Tips for healthy eating
November 26, 2002
The new guide for HIV+ persons called “Healthy Eating for Better Living” explains how the main nutrients - proteins, carbohydrates, vitamins and minerals - work as a team to keep the body’s immune system strong. Water is also essential especially when fevers, diarrhea and night sweats - all symptoms of advanced HIV leave the body dehydrated. But making sure the water is safe to drink, by boiling, is very important.
The manual stresses that as soon as one is diagnosed HIV+ they should immediately start to plan a better diet, This does not mean all new foods but familiar ones better prepared and in larger amounts. Starchy foods (rice, potato) should be the basis of each meal and fruits and vegetables should be eaten every day.
The key word is a balanced and varied diet. Variety is important because foods, even those within the same group don’t have exactly the same nutrients. The manual does not advocate a vegetarian diet and in fact notes that the most easily digested protein comes from beef. Legumes - bean and peas - are considered a good meat alternative.
“Alcohol can interfere with immunity by depleting the body of the vitamins used to boost the immune system and should be avoided at all costs,” the book states.
For people with HIV, food poisoning is very dangerous and the book gives advice on procedures persons should follow when preparing food. This includes thoroughly cooking all meat and seafood, avoiding any food you are doubtful of.
All milk products should be pasteurised and persons should look after leftovers by covering and refrigerating them immediately.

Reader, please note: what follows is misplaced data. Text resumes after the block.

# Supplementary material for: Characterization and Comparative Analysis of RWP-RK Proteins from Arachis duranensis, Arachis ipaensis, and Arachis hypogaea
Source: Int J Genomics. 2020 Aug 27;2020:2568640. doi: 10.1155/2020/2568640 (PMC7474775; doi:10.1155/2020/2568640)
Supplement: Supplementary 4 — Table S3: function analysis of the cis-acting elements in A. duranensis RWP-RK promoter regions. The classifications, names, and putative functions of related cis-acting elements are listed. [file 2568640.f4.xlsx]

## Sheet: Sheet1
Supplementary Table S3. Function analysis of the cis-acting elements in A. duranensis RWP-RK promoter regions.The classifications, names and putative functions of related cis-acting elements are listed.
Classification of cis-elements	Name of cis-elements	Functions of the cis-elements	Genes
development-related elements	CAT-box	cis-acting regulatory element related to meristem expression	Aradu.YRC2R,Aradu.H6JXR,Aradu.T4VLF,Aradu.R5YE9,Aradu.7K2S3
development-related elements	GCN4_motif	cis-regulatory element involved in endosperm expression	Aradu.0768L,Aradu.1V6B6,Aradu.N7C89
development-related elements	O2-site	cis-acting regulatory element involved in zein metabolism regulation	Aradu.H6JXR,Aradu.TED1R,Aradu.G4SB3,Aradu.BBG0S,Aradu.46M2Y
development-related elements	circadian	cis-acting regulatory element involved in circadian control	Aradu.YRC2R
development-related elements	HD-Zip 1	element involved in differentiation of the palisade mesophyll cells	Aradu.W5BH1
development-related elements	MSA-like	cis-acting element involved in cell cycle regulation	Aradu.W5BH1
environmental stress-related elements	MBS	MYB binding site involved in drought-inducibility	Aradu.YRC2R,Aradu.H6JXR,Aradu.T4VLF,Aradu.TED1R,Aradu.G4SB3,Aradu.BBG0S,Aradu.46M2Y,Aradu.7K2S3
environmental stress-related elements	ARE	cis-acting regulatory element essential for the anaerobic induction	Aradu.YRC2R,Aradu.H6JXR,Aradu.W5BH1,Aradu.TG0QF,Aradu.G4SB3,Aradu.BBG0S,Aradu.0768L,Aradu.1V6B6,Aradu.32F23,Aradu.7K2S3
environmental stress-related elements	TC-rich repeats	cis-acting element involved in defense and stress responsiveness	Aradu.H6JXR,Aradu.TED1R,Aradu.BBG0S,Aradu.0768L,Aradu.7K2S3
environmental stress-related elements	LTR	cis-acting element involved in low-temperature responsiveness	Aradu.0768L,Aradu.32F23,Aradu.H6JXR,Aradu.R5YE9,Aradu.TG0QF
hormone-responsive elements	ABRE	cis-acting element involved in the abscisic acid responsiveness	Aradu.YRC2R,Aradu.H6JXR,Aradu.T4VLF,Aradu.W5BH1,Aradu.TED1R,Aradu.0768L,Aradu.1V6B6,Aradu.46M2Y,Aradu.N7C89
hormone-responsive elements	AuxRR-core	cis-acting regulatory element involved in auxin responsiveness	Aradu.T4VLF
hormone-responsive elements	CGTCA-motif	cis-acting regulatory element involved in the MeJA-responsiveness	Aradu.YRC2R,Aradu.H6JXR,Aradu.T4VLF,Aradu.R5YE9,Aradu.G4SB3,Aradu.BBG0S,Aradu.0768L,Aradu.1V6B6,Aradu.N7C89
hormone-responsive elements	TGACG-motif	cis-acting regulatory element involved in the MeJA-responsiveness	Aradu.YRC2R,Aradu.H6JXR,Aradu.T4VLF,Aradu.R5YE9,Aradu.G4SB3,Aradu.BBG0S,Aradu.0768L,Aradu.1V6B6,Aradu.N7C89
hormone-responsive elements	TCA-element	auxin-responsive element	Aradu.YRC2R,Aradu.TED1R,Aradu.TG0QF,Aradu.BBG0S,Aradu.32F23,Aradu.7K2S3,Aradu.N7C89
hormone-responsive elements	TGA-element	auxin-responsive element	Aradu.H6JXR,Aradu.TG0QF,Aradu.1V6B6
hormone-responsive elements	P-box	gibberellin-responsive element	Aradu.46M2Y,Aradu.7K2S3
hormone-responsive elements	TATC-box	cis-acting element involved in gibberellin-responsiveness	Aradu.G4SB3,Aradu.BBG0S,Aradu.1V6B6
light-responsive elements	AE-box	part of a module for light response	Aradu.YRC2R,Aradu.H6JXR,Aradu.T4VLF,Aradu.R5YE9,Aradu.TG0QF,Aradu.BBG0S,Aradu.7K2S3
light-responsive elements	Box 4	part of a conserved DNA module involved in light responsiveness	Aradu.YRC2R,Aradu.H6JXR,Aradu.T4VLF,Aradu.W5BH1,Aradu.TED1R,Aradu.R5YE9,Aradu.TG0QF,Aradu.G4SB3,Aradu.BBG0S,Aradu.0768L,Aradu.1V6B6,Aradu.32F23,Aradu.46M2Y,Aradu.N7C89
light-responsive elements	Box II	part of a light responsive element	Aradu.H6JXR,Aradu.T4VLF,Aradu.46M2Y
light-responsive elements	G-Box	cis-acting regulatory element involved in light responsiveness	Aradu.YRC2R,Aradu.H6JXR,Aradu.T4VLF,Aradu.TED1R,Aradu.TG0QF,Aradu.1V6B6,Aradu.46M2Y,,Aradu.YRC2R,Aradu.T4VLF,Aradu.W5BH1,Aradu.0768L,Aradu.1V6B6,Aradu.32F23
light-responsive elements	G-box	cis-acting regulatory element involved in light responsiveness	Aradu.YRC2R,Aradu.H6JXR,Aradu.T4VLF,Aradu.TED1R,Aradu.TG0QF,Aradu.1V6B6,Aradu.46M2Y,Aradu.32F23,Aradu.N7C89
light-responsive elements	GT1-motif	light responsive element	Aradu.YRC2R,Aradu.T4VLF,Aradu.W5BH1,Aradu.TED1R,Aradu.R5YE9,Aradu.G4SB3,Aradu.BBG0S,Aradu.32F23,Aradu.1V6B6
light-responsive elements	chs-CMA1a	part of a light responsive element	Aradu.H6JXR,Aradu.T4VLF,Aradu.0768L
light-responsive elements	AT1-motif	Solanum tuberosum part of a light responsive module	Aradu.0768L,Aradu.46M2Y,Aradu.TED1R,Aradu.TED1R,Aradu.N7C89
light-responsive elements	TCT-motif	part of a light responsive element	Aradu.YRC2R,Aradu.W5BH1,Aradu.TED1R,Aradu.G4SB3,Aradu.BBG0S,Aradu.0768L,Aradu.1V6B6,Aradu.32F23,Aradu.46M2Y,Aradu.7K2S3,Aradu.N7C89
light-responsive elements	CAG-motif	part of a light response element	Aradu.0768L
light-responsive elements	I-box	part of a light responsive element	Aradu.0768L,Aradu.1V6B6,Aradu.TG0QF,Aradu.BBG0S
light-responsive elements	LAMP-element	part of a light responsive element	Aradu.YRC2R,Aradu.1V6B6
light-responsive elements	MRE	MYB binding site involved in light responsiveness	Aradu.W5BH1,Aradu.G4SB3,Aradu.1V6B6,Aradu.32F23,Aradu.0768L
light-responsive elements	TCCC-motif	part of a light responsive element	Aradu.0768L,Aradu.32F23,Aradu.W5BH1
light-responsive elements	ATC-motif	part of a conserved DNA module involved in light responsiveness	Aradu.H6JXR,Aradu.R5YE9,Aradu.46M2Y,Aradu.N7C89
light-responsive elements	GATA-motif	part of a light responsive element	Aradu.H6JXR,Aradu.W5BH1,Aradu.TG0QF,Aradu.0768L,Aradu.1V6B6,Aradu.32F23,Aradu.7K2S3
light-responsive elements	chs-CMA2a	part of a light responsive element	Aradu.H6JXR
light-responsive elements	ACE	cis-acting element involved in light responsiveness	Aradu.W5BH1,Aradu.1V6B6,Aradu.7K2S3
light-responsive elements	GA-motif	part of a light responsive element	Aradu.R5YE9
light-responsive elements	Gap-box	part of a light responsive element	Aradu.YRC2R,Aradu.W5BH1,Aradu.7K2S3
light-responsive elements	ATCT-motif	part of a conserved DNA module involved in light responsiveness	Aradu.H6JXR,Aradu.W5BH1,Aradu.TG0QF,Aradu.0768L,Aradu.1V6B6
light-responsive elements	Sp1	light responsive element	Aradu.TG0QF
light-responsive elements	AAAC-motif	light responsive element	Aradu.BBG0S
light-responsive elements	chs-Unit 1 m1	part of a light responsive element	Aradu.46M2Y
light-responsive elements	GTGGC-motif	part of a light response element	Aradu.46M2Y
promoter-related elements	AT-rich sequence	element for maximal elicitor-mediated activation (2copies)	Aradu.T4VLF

The guide offers help for the times when the symptoms of HIV come on and hinder healthy eating. Parents of children and infants with HIV are given advice including increasing the energy and protein content in the diet and not to use food as a reward or punishment. A chapter on drugs and nutrition examines side effects of common anti-retrovirals and other HIV related drugs.
Persons with HIV are ultimately recommended to be kind to themselves, get regular exercise, get lots of rest and sleep and not worry too much about little things. Finding support through groups, family and friends is also helpful.
The menus in the book include nutritious milk shakes, sweet and sour chicken and salads.
The guide ends with an uplifitng quote for all those living with HIV: “Dance like nobody’s watching, Love like you’ll never get hurt, Sing like there’s nobody listening and live like there’s heaven on earth.”